We stayed in California for about half a year, until I was six. But then my older brother Ezequiel started hanging out with gang members in Castroville. My parents feared he would become a criminal and end up in jail, so we moved to rural Illinois. My father traded in his connection to the land to work in a meat-packing factory, where he would insert rectal cleansers inside of dead pigs. My mother, who had previously not worked, had to join him in order to make ends meet. She worked third shift, dipping her gloved hands into the hot blood gathered inside of pig skulls in order to scoop out every pig brain that passed by her on the assembly line. They worked like this for 10 years, succumbing to long hours, strict rules, strong punishments and discrimination at Farmland Foods.
Looking back, I’m not sure what kept my parents going. I can’t imagine what would drive 12 hour shifts, 6 days a week, inside of such an awful workplace. Perhaps it was putting my brothers and I through school that kept them going. Ultimately, I think it was all part of the American Dream; the false belief that if you work yourself almost to death, you will one day be economically stable and happy. I think they worked for a day in the future where they wouldn’t have to use credit cards or borrowed money to pay for all of our food, our health expenses, our books for school, our clothing, our basic needs.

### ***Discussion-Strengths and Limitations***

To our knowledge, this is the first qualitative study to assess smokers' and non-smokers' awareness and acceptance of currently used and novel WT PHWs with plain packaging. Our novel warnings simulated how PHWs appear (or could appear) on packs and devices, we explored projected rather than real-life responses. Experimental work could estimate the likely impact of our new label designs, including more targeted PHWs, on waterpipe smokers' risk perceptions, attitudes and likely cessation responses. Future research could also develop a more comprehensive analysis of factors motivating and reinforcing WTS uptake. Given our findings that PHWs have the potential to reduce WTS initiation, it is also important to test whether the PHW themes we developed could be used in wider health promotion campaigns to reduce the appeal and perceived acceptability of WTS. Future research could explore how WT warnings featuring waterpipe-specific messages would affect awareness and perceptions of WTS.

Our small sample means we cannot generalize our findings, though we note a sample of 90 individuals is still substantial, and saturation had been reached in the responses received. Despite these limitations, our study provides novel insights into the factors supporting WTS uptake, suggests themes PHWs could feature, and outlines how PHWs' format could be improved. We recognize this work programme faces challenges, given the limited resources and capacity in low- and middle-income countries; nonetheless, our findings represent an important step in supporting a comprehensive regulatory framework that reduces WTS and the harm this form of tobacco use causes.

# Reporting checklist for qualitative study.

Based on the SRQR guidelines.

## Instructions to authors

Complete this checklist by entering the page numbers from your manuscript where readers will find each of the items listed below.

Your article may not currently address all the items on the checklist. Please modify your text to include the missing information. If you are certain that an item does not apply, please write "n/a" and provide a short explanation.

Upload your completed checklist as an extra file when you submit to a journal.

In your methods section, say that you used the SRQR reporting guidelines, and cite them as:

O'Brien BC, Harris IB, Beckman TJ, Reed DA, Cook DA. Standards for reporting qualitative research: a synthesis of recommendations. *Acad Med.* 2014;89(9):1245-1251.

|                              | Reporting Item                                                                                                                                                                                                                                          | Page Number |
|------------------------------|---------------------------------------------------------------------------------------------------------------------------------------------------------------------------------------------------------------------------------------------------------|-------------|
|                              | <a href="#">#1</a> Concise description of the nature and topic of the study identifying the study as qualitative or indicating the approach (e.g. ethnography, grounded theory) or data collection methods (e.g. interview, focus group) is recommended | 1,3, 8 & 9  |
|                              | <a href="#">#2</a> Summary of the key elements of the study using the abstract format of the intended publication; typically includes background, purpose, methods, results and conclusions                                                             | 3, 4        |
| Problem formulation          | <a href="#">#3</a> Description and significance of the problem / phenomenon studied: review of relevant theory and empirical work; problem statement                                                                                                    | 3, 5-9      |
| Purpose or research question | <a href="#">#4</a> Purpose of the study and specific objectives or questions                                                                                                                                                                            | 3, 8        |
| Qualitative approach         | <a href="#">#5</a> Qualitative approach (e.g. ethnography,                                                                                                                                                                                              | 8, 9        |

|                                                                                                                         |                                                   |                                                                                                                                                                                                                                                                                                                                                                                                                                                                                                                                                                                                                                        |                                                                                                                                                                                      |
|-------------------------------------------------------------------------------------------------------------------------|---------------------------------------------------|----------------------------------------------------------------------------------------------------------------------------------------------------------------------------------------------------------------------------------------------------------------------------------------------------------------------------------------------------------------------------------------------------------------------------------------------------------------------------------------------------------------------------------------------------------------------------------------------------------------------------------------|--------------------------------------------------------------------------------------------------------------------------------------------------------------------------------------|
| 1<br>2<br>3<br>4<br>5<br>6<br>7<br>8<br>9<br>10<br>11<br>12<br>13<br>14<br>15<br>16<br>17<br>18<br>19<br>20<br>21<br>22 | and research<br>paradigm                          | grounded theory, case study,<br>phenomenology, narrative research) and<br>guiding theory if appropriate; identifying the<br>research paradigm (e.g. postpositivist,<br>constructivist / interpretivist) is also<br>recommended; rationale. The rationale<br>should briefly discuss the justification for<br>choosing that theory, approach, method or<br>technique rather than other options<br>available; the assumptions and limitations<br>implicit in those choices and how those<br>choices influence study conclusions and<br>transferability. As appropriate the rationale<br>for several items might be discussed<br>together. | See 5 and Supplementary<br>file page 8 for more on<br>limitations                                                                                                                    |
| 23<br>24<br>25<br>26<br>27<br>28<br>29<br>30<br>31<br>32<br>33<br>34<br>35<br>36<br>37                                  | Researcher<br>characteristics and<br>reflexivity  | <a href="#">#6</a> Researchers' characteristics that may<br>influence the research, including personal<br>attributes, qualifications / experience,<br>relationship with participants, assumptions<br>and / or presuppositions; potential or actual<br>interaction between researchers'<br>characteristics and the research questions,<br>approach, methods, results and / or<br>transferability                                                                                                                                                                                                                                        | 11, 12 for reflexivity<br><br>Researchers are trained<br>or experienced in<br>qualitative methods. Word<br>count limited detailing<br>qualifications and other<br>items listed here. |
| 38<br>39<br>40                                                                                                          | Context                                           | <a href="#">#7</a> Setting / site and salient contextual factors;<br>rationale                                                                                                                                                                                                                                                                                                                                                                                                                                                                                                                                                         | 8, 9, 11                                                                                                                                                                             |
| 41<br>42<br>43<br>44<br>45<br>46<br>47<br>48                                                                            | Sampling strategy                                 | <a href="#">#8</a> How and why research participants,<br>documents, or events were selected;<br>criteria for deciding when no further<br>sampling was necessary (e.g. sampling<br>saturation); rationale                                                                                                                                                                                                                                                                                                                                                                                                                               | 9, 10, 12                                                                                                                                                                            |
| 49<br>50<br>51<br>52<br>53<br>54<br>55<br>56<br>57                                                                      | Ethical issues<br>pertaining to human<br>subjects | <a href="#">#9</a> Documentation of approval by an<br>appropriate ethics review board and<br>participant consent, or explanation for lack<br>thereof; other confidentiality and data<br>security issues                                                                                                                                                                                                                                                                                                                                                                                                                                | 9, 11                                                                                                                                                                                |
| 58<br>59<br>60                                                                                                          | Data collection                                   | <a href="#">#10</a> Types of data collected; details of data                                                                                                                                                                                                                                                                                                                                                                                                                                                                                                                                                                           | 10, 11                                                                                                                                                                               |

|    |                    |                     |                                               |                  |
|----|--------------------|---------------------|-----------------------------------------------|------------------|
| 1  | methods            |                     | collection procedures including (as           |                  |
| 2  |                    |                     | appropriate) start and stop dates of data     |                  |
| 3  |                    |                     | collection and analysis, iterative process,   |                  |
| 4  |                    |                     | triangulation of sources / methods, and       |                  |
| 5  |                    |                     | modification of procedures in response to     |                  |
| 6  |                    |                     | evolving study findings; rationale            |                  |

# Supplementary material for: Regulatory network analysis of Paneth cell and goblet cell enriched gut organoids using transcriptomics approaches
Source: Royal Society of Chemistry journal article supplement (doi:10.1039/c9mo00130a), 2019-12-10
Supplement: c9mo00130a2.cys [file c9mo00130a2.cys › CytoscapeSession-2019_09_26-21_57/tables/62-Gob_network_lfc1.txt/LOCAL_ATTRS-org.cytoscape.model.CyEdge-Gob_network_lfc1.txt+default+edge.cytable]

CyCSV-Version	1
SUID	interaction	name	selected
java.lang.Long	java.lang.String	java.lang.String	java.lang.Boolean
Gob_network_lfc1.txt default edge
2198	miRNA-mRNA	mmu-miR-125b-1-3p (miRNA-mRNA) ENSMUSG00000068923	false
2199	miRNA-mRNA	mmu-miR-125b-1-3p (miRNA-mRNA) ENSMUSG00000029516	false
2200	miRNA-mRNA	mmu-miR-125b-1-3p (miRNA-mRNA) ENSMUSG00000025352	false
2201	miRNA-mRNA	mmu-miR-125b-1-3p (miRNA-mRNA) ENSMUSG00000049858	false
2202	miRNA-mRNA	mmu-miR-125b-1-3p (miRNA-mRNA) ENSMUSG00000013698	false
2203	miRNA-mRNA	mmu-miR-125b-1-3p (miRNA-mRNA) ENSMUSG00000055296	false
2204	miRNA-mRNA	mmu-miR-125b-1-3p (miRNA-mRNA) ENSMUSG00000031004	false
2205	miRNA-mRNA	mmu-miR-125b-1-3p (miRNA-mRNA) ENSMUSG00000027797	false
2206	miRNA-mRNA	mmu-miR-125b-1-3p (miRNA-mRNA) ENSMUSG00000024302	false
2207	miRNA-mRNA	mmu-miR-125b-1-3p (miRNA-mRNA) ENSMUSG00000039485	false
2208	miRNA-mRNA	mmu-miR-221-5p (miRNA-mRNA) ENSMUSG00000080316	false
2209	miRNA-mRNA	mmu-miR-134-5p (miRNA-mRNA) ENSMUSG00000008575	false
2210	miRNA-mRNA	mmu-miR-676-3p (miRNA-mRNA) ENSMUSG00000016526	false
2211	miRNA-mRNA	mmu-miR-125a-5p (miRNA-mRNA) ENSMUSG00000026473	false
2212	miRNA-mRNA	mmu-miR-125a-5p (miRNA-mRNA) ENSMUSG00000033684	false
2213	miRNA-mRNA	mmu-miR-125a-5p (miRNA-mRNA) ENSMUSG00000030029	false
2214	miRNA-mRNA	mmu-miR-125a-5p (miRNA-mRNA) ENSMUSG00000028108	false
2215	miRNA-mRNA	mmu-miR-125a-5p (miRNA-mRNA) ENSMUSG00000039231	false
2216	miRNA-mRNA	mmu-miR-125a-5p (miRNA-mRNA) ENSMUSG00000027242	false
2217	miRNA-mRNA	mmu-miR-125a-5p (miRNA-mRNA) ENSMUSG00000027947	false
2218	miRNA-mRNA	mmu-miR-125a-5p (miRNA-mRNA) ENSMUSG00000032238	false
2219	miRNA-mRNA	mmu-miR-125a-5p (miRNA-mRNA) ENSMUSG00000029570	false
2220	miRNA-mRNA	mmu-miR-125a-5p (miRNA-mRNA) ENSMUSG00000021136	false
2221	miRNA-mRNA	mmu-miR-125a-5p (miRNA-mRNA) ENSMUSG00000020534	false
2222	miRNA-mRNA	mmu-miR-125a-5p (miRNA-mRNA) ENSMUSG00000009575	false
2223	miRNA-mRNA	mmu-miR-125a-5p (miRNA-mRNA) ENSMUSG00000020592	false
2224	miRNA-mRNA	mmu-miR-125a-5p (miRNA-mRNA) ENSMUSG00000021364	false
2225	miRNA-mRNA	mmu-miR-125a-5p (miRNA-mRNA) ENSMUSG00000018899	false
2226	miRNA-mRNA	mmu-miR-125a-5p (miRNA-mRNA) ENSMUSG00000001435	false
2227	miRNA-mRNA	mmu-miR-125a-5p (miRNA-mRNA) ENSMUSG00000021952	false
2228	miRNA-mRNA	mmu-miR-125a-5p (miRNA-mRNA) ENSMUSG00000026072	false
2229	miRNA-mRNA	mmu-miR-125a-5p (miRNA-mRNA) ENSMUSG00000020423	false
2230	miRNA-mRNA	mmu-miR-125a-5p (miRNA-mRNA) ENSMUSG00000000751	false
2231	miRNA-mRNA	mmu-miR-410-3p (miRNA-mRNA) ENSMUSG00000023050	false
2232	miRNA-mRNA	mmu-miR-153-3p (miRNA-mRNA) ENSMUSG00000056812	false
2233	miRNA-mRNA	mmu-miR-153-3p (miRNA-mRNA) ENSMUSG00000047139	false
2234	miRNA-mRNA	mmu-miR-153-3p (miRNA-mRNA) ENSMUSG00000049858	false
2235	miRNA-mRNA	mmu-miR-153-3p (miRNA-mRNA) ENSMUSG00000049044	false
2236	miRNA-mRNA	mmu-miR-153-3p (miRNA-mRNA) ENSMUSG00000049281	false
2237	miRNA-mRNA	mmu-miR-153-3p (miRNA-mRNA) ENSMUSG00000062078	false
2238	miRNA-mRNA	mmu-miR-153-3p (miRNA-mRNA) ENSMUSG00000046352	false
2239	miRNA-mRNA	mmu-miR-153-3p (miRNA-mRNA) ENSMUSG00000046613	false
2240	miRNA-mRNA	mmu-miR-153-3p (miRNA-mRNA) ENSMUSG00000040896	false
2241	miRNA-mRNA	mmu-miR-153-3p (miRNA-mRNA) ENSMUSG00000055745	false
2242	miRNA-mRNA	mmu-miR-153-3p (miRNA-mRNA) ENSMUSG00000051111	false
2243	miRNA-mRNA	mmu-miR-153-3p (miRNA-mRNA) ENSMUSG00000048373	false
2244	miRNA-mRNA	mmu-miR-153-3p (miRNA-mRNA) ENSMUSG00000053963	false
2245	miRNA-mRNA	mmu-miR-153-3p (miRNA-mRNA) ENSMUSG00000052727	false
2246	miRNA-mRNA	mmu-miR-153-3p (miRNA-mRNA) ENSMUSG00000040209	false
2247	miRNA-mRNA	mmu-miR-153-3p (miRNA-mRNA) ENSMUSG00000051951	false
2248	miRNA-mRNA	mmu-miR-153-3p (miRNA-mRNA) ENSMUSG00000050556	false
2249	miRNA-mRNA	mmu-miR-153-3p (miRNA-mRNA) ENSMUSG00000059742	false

When the opportunity to break free from Farmland came, it was because my dad got fired for taking a dollar bill that he found sticking out of a vending machine, even though he had planned to turn it in. Luckily, my brother Ezequiel had moved to Houston where he worked as a logistics agent at an international logistics company and managed to get my dad a job there.
Houston was supposed to be a breakthrough for my parents; life in the suburbs, a new job where my cousin’s husband was the manager, where the workers were treated well, given monthly lunches, no pig carcasses in sight, just some boxes and forklifts.
But we are here, four years later.